NEW YORK — Climate change is likely to exact enormous costs on U.S. regional economies in the form of lost property, reduced industrial output and more deaths, according to a report backed by a trio of men with vast business experience.
It was commissioned by the Risky Business Project, which describes itself as nonpartisan and is led by former New York City Mayor Michael R. Bloomberg, former Treasury Secretary Henry M. Paulson Jr. and Thomas F. Steyer, a former hedge fund manager.
“If we act immediately, we can still avoid most of the worst impacts of climate change and significantly reduce the odds of catastrophic outcomes,” Paulson said.
Among the predictions: Between $66 billion and $106 billion in coastal property will likely be below sea level by 2050, labor productivity of outdoor workers could be reduced by 3 percent because extremely hot days will be far more frequent, and demand for electricity to power air conditioners will require the construction of more power plants that will cost electricity customers up to $12 billion per year.
“Every year that goes by without a comprehensive public and private sector response to climate change is a year that locks in future climate events that will have a far more devastating effect on our local, regional, and national economies,” warn the report’s authors.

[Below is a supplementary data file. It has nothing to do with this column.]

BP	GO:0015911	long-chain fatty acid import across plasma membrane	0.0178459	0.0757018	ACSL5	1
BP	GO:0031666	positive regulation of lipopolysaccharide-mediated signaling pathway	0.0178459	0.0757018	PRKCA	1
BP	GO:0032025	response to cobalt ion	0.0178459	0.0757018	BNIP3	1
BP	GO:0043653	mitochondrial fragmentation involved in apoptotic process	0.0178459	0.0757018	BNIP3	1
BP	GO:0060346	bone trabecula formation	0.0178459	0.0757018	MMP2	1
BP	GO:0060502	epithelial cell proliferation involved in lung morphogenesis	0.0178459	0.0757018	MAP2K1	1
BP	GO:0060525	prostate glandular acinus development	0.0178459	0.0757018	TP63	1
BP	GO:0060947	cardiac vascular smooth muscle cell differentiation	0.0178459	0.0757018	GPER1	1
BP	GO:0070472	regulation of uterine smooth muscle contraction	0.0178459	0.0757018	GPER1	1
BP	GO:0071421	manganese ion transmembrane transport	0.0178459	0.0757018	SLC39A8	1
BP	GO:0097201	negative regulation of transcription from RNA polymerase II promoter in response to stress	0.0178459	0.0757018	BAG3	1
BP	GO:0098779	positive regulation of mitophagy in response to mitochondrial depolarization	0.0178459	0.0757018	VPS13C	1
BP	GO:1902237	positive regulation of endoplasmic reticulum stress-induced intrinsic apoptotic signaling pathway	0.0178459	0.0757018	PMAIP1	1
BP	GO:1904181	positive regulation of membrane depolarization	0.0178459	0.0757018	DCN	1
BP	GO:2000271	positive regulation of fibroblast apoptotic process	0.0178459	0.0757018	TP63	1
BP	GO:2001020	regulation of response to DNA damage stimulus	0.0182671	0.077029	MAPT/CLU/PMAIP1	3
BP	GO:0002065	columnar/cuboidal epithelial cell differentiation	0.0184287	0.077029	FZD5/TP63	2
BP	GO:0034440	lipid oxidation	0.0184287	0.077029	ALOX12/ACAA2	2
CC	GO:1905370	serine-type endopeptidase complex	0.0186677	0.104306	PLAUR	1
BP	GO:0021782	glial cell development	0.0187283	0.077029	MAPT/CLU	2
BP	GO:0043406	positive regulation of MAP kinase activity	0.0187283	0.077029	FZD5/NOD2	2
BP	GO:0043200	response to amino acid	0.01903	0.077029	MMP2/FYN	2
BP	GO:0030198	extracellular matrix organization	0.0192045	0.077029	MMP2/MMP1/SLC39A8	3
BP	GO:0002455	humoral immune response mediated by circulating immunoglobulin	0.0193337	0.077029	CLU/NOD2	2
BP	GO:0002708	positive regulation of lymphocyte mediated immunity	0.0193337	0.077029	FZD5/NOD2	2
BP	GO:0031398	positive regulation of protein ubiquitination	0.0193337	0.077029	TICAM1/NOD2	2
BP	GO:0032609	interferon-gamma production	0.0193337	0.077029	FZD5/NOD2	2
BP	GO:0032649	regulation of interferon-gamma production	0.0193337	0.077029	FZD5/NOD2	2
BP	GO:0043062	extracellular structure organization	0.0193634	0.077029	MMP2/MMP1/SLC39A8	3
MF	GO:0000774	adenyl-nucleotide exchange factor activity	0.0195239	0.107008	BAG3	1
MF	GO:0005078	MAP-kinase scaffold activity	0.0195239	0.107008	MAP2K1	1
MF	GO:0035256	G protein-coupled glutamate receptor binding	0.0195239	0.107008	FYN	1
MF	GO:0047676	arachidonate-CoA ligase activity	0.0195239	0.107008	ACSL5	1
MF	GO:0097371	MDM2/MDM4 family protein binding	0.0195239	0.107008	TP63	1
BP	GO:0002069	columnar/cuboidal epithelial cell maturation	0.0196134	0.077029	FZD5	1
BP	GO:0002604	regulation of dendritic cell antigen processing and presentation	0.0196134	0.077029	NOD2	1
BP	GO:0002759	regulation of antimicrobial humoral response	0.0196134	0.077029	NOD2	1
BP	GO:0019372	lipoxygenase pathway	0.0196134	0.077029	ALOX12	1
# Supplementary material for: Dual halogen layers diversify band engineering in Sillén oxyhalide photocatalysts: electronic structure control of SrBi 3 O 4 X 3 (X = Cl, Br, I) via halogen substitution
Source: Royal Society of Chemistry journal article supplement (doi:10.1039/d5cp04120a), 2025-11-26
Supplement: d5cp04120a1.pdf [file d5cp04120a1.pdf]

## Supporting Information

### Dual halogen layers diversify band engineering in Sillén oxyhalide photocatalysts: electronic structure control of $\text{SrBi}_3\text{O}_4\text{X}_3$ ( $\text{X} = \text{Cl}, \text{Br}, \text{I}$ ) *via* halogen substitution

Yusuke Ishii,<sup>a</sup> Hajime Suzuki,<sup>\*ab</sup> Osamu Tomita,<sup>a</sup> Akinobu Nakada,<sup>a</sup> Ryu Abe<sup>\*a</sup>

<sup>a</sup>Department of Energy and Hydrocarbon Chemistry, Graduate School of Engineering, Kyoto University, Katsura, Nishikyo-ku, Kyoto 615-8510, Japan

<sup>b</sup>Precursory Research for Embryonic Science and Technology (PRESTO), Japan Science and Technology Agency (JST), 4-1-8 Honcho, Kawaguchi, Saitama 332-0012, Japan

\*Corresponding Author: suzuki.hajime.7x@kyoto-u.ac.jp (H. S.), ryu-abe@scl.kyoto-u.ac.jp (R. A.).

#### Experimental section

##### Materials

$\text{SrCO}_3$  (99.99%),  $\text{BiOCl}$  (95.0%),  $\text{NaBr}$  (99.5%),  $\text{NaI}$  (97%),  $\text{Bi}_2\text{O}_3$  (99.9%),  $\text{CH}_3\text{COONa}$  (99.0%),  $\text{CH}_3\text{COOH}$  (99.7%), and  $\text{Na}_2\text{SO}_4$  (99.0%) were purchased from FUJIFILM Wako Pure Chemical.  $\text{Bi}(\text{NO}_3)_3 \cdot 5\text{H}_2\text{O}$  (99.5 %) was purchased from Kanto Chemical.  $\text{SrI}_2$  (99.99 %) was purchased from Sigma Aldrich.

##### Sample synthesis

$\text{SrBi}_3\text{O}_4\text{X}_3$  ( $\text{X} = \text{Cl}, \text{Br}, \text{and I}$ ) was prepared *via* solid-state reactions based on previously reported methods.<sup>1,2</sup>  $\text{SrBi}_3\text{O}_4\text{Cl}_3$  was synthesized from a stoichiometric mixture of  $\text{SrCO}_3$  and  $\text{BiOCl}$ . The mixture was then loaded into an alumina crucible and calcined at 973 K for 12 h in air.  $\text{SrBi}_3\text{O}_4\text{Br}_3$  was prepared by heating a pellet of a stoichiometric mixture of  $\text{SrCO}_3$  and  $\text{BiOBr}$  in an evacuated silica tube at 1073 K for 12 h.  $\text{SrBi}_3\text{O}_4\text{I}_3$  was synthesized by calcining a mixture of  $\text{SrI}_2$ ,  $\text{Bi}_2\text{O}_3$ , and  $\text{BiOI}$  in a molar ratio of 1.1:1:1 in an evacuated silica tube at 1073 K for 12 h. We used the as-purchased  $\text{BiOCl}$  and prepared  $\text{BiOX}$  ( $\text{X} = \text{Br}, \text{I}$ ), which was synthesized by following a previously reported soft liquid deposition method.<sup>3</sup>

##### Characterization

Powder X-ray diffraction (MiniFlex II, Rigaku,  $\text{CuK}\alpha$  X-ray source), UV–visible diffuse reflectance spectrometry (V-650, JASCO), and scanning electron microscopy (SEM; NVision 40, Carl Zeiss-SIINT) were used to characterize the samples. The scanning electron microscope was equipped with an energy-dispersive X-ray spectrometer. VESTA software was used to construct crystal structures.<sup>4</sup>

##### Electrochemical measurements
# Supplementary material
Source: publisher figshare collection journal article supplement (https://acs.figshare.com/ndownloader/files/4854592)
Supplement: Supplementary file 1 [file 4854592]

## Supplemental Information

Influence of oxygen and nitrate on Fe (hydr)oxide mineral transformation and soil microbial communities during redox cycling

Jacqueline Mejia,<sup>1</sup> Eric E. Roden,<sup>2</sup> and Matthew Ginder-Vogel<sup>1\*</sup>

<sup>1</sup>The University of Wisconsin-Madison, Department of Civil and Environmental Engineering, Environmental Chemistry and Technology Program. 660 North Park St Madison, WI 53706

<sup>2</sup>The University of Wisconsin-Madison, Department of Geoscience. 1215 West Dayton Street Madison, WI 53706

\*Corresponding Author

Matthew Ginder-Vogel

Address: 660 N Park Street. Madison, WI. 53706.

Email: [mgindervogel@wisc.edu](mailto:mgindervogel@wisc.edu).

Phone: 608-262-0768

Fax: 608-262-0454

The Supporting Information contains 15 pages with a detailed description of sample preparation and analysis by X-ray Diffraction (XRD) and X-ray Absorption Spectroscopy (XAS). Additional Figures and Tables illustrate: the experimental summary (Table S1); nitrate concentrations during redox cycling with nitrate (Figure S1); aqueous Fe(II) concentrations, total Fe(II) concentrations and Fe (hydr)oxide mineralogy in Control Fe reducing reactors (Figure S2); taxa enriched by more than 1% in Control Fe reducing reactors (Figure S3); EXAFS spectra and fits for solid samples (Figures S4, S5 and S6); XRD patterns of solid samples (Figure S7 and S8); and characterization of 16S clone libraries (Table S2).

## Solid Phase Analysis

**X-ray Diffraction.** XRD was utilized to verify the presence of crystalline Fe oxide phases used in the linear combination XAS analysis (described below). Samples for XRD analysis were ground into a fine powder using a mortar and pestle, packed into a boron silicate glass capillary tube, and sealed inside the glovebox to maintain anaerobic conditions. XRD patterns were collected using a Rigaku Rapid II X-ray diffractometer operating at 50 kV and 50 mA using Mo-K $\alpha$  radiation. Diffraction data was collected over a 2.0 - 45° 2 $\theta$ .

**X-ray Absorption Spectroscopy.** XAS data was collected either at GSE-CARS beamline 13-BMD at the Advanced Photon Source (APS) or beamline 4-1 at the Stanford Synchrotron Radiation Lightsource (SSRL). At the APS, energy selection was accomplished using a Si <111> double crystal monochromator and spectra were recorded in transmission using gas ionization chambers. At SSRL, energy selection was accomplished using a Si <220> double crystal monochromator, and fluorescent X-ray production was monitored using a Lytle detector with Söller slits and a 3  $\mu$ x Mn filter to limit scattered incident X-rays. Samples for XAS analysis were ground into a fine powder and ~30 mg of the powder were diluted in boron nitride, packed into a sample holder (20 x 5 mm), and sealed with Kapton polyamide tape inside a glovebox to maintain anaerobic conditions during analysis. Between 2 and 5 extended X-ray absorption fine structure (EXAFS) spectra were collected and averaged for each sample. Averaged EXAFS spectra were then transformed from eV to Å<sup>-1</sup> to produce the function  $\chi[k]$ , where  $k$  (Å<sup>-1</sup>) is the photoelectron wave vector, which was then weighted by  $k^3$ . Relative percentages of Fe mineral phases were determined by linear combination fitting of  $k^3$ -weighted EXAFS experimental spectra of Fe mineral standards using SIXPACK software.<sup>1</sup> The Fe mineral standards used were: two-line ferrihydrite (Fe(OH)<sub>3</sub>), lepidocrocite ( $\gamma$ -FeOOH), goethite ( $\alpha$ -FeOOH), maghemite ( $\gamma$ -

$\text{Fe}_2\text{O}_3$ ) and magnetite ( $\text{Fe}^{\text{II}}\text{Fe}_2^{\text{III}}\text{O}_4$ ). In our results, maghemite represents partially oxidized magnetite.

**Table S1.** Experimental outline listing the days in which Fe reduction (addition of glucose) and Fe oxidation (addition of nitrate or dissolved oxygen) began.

The analysis and calculations in the report were performed by the Rhodium Group, an economic research firm, and Risk Management Solutions, a catastrophe-modeling company that works for insurance companies and other businesses. It was paid for by the philanthropic foundations of Bloomberg, Paulson and Steyer, among others.
The report analyzes the impacts of climate change by region to better show how climate change affects the businesses and industries that drive each region’s economy.
Higher temperatures will reduce Midwest crop yields by 19 percent by midcentury and by 63 percent by the end of the century.
The Southwest will see an extra month of temperatures above 95 degrees by 2050, which will lead to more frequent droughts and wildfires.